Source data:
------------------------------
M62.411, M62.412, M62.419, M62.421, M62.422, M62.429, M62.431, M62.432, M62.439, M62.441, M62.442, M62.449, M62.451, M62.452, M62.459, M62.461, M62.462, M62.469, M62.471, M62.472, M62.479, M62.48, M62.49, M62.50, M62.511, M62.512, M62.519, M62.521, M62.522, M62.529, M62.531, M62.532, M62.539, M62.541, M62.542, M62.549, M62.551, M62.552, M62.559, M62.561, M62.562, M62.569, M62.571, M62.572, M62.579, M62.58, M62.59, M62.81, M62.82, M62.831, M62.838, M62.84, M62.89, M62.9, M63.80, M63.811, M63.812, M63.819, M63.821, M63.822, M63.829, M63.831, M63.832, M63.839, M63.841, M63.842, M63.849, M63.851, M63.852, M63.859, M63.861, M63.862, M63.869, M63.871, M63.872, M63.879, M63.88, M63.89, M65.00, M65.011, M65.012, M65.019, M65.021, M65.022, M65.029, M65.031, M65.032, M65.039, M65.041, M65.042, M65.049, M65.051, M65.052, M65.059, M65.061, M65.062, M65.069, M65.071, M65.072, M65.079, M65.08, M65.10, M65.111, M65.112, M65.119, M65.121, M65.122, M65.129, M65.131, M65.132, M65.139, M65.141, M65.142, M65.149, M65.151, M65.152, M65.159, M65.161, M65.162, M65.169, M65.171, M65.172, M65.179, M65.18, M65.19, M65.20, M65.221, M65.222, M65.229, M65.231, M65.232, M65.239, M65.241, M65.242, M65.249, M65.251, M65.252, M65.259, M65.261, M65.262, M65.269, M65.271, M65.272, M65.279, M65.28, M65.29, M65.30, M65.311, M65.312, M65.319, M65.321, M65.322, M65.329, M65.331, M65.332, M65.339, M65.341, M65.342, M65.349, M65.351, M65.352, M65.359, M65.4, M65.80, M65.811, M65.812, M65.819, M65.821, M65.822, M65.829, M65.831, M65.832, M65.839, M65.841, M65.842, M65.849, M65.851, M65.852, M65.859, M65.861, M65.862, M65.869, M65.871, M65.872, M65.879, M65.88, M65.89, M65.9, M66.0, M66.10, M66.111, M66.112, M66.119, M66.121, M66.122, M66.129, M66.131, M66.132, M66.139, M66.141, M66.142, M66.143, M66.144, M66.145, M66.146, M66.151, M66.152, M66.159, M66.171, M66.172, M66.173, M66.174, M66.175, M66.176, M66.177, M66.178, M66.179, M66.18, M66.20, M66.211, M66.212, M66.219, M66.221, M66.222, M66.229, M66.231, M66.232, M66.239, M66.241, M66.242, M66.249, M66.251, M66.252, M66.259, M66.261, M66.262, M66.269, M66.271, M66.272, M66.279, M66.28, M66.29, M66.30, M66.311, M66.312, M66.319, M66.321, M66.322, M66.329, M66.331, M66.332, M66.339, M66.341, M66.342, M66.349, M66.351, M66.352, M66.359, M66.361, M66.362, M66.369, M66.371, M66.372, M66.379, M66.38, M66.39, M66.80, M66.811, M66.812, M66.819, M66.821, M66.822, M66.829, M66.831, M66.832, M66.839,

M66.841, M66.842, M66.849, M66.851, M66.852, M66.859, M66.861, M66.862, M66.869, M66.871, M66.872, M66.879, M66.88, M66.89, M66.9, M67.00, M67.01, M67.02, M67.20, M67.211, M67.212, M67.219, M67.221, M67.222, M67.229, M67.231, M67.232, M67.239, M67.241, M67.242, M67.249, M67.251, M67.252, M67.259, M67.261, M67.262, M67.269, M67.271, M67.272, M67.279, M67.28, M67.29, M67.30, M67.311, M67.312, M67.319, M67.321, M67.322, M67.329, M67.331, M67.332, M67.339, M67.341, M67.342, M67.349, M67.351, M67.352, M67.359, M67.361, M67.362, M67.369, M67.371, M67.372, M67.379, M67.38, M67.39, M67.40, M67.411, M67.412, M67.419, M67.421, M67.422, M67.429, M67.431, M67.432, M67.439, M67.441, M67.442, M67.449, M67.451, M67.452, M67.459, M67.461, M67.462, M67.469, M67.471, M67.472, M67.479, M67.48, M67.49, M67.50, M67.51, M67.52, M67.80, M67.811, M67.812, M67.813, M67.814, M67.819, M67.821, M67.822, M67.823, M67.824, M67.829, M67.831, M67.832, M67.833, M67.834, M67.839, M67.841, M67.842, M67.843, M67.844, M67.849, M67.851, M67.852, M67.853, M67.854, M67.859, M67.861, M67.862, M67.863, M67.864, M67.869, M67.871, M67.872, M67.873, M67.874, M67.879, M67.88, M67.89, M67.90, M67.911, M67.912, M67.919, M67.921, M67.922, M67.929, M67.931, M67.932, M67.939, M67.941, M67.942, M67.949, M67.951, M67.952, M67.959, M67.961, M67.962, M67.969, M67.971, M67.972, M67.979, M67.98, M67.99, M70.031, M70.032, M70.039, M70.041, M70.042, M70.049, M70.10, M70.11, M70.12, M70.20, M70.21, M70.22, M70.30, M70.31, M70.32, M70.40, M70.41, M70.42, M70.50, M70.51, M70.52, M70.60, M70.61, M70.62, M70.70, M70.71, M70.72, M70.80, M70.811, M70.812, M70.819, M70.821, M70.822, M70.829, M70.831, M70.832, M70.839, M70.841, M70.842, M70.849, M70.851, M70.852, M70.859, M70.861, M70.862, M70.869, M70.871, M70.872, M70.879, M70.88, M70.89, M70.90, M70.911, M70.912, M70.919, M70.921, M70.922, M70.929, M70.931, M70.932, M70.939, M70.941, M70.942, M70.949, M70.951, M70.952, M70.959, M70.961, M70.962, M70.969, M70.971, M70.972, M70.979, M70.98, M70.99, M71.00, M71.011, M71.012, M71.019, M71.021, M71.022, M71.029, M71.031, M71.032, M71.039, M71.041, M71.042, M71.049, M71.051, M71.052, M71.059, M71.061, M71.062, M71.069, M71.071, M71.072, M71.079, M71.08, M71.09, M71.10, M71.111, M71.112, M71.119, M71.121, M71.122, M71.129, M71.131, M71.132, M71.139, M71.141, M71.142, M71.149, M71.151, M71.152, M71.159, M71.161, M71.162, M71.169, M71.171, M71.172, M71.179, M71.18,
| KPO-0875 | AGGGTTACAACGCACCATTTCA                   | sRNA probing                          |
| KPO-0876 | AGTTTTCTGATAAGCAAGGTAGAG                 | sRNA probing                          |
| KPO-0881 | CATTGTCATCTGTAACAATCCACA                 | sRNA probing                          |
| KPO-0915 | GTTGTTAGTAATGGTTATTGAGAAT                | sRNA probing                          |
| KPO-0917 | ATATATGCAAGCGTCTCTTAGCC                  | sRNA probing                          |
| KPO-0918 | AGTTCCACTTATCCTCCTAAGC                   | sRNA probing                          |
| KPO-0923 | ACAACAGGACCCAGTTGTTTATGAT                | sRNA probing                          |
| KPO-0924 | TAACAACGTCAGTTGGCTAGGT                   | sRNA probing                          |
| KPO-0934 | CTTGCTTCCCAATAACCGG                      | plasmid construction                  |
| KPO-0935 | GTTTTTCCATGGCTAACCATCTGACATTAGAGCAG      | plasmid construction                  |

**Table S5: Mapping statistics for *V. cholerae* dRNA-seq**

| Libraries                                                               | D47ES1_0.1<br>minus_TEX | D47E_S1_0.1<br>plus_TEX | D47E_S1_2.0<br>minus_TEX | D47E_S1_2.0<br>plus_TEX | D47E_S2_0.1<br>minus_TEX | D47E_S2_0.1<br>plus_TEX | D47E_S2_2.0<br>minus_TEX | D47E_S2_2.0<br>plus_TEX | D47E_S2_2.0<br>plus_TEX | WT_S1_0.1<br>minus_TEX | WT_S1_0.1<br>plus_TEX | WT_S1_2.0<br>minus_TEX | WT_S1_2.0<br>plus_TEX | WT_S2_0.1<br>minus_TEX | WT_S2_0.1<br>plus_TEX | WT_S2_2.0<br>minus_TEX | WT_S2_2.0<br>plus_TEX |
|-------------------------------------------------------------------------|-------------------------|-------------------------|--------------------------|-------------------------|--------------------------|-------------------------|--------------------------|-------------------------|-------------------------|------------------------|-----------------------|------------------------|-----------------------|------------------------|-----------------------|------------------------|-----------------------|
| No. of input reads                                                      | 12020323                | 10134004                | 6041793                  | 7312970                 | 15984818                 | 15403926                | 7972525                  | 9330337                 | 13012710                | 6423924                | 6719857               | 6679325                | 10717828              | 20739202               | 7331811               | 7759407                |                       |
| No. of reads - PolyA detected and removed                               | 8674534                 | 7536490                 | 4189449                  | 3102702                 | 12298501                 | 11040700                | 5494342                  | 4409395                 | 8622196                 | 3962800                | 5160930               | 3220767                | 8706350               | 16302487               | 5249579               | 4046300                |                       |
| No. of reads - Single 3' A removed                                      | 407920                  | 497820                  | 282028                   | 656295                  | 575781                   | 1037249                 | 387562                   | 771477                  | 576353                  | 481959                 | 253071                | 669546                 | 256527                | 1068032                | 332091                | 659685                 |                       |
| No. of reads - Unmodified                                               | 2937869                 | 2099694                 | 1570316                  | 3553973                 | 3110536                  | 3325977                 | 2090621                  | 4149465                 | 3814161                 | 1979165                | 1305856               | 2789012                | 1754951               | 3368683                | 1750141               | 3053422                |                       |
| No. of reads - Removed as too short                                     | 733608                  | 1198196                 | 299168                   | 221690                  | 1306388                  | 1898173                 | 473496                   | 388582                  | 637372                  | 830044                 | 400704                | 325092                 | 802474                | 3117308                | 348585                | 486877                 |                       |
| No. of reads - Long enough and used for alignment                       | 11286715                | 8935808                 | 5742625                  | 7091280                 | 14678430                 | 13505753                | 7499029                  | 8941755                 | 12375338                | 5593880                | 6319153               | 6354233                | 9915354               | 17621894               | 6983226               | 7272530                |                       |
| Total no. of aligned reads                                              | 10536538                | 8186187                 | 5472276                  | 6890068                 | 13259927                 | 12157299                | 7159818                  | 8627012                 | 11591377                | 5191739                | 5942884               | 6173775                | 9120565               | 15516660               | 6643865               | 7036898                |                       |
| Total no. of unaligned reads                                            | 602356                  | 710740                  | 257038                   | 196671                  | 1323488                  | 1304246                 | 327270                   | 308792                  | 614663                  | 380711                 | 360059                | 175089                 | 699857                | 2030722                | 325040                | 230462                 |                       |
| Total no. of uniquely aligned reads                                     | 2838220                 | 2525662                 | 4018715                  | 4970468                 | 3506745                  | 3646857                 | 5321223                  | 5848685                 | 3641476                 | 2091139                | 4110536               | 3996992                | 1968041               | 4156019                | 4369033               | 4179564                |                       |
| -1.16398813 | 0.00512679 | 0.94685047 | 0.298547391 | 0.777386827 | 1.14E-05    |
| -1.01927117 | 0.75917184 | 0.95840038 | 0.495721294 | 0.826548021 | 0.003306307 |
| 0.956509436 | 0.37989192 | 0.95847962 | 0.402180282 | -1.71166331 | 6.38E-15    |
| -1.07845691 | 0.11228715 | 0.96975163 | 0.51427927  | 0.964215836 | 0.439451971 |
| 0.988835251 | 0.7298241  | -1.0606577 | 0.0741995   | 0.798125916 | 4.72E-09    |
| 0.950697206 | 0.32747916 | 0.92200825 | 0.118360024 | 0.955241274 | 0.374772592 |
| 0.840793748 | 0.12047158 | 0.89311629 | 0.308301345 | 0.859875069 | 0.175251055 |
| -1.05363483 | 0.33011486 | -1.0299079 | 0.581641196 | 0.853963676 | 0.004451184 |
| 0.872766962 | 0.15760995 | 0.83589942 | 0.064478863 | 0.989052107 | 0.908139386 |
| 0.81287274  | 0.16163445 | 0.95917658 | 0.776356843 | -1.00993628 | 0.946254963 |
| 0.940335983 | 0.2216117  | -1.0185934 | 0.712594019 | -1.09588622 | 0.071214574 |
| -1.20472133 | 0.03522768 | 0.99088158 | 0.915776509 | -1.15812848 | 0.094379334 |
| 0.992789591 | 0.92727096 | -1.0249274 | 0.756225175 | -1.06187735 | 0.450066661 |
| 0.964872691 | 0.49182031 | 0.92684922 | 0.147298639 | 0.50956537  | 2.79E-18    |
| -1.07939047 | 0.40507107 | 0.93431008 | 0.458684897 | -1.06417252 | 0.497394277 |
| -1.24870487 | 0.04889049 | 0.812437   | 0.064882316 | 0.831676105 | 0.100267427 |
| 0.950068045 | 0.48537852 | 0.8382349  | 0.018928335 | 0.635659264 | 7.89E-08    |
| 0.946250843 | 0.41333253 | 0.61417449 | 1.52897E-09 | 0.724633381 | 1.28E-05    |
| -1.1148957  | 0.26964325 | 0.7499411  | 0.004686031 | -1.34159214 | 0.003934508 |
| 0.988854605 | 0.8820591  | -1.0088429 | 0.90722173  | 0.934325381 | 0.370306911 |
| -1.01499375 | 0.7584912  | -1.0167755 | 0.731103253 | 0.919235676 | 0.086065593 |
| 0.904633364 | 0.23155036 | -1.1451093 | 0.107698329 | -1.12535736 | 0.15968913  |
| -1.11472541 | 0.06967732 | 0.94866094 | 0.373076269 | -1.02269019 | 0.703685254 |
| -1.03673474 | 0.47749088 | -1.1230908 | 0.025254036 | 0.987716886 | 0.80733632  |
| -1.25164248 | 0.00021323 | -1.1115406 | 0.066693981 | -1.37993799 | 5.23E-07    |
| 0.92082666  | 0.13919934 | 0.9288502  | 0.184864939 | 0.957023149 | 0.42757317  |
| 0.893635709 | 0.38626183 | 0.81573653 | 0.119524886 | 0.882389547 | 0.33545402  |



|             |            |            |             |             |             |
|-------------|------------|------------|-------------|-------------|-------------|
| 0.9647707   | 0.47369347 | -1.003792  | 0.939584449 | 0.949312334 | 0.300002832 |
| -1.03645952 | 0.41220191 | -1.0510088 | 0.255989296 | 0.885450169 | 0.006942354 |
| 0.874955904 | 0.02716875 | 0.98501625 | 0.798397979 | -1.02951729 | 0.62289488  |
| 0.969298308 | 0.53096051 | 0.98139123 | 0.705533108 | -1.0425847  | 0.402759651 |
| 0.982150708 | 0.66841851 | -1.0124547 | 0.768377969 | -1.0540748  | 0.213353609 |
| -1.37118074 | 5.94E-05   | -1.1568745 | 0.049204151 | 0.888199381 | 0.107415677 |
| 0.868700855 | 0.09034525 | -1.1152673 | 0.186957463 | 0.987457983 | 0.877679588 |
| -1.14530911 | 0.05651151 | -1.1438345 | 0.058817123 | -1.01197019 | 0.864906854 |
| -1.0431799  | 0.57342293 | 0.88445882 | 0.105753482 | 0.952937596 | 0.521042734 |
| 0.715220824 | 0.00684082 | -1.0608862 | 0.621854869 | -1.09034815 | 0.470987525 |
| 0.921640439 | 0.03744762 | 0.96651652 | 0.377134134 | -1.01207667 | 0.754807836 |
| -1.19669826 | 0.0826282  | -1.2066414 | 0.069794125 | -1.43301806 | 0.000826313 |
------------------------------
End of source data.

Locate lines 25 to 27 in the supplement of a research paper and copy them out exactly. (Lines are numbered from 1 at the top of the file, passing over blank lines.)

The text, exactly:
| -1.16398813 | 0.00512679 | 0.94685047 | 0.298547391 | 0.777386827 | 1.14E-05    |
| -1.01927117 | 0.75917184 | 0.95840038 | 0.495721294 | 0.826548021 | 0.003306307 |
| 0.956509436 | 0.37989192 | 0.95847962 | 0.402180282 | -1.71166331 | 6.38E-15    |